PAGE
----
It is to be noted that the compartments in a row are in communication with each other, e.g. all the compartments 20 are in communication with each other, but not in communication with the compartments 26, 30 etc in other rows. In an alternative embodiment shown in FIG. 9, one or more of the internal sheets 10B, 10C, etc has openings 42 which permit communication between adjacent compartments in different rows, e.g. between compartments 20 and 26.

If desired, the join lines 18, 24, 28 may then be extended so as to close each compartment 20, 26, 30 from adjacent compartments 20, 26, 30 in the same row.

Thus, any material filled into the compartments 20, 26, 30, etc., is contained in the compartments 20, 26, 30, etc., by virtue of the closure of these compartments 20, 26, 30, etc., of the framework 12.

The joining of the skirts 22A, 22B, etc., to the adjacent sheets 10B, 10C, etc., may be achieved in the same manner as the formation of the join lines 18, 24, 28, for example by heat or ultrasonic welding, by sewing or by gluing.

Referring to FIG. 6, a second method of closure of some or all of the compartments 20, 26, 30 in the framework 12, is illustrated. Firstly, additional skirts 32 are joined to the sheets 10B, 10C and in fact all sheets intermediate the first sheet 10A and the last sheet of the framework 12 so that each intermediate sheet 10B, 10C, etc., has two skirts 22, 32 depending therefrom.

Thereafter, the skirt 22A on the sheet 10A is joined to the skirt 22B on the sheet 10B at 34 to close the row of compartments 20. The skirt 32B attached to the sheet 10B is joined to the skirt 32C attached to the sheet 10C at 34 to close the row of compartments 26. Thereafter the skirt 22C on the sheet 10C is joined to the skirt 22D on the sheet 10D at 34 to close the row of compartments 30. This process is continued until some or all of the rows of compartments 20, 26, 30, etc., in the framework 12 are closed at the second end 16 of the framework 12. Again, in a similar way to that described above, each compartment in a row may be closed off from adjacent compartments in the same row. Again, the skirts 22, 32 may be joined to one another by means of heat or ultrasonic welding, by sewing or by gluing.

Referring to FIG. 7, a third method of closure of some or all of the compartments 20, 26, 30 in the framework 12, is illustrated. The skirt 22A on the sheet 10A is joined to the skirt 22B on the sheet 10B at 36 to close the row of compartments 20. The skirt 22C on the sheet 10C and the skirt 22D on the sheet 10D are joined at 36 to close the row of compartments 30. The second row of compartments 26 and every second row thereafter are left open.

As indicated above, it is possible to close some or all of the rows of compartments at both ends 14, 16 of the framework 12. This is specifically illustrated in FIG. 8 where all of the rows of compartments are closed, in the same manner as illustrated in FIG. 6.

The method of closing some or all of the compartments at one end 14 may be different to the method of closing some or all of the compartments at the other end 16, as illustrated in FIG. 10. The compartments 20, 26, 30 are closed at one end 16 according to the method illustrated in FIG. 6, but a unit 55 comprising a number of rows of compartments in communication with each other is formed by joining a skirt 23A at the end 14 of sheet 10A to a skirt 23D(i) at the end 14 of sheet 10D. A similar unit 56 is formed by joining a skirt 23D(ii) to skirt 23F to sheet 10F.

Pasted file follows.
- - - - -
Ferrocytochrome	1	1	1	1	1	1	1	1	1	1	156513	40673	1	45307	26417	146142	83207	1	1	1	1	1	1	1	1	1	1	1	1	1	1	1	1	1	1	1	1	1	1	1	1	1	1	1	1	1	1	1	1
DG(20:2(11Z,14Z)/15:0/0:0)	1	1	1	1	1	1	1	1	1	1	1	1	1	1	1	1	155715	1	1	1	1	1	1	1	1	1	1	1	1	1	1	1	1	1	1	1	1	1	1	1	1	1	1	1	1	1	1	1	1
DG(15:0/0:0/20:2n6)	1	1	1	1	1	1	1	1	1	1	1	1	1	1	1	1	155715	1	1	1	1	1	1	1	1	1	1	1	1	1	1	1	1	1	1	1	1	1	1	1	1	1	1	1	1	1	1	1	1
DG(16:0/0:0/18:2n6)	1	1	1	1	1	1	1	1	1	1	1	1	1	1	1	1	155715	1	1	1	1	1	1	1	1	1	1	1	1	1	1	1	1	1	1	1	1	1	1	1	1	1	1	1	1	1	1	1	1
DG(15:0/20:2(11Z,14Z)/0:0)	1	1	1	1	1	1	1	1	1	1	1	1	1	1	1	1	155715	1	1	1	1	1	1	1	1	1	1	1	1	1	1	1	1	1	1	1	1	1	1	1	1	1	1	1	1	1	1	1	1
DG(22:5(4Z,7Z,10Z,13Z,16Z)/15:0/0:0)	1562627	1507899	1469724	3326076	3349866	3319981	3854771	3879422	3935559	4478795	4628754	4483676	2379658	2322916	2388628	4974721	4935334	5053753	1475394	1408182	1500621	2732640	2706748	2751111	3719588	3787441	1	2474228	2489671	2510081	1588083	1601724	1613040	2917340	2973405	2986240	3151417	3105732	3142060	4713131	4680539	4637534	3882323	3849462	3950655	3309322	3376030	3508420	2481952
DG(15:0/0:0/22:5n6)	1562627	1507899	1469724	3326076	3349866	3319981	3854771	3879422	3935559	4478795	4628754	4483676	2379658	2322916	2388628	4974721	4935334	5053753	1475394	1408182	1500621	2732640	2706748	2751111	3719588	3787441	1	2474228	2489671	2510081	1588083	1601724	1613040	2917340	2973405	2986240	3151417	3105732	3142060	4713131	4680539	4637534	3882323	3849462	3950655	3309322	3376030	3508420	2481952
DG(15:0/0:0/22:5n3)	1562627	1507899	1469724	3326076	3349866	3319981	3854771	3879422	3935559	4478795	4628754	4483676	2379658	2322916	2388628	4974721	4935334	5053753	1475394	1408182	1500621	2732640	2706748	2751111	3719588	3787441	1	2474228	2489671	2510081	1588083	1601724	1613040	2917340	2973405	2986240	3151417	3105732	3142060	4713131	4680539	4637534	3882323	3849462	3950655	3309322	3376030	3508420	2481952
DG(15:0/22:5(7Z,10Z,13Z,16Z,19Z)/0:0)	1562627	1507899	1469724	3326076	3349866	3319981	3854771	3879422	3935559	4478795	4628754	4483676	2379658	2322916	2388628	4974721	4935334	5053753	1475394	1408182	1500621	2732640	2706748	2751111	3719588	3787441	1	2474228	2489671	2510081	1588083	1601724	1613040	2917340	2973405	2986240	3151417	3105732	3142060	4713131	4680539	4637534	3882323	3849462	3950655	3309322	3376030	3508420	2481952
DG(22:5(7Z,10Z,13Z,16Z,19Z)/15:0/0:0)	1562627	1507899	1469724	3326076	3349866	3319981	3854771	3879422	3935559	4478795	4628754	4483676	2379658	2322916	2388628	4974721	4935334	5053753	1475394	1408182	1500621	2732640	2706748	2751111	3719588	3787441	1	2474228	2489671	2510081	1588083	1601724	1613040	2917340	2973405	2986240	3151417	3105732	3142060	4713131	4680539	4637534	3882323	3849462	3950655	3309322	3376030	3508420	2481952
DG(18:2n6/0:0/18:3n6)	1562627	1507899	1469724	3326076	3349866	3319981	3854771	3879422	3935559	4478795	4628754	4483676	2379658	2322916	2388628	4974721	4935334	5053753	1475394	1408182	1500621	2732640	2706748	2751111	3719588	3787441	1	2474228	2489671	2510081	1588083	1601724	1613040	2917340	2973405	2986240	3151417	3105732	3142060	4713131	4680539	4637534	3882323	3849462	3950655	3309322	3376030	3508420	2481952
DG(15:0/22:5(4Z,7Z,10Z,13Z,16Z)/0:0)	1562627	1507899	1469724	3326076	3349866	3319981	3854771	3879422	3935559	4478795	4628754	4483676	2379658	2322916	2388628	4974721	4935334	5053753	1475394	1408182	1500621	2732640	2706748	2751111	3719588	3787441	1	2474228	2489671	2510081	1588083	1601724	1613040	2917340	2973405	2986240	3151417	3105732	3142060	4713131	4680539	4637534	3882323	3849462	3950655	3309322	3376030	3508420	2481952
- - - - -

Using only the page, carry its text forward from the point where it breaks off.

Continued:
When some or all of the rows of compartments at one end of the framework are closed, particularly the end of the framework intended to rest on a base in use, the compartments may be filled with a material which is then retained in the closed compartments. This may assist in the formation of structures such as dam walls or artificial reef units.

When all of the rows of compartments are closed at both ends of the framework so that the framework is in essence sealed, a material may be filled into or drained from the compartments through suitable openings 72 (FIGS. 10 and 11). Some of the openings may be non-return valves, although in some circumstances the openings may permit the material to also flow out of the compartments, and the openings may be closed when it is no longer desired that the material be permitted to flow out of the compartments. Such a situation would arise when a first material in the compartments is replaced with a second material.

In addition the framework may then be pressurized by introducing a fluid or fluidized solid under pressure into the framework, which may be useful where the framework is being used in the manufacture of a mine support. A hose or pipe 60 may be inserted through the openings to introduce the fluid or fluidized solid. The framework may include engaging means for a vibrator 64 or the like to facilitate compaction or pre-stressing of the material within the compartment, as illustrated in FIG. 11.

The closure of compartments may also assist where it is intended to stack frameworks one on top of another.

A first framework may be attached to a second similar framework to build a larger structure. For example a first end of a first framework 12 as illustrated in FIG. 8 may be attached to a second end of a second framework 12 as illustrated in FIG. 8, e.g. by heat or ultrasonic welding, by sewing or by gluing.

It is also possible to form a plurality of holes in the framework, or in an extension or extensions 52 and 54 to the framework, so that flexible stays 56 or rigid rods 58 or the like may be inserted through the holes to anchor the framework in position in use, as illustrated in FIG. 11.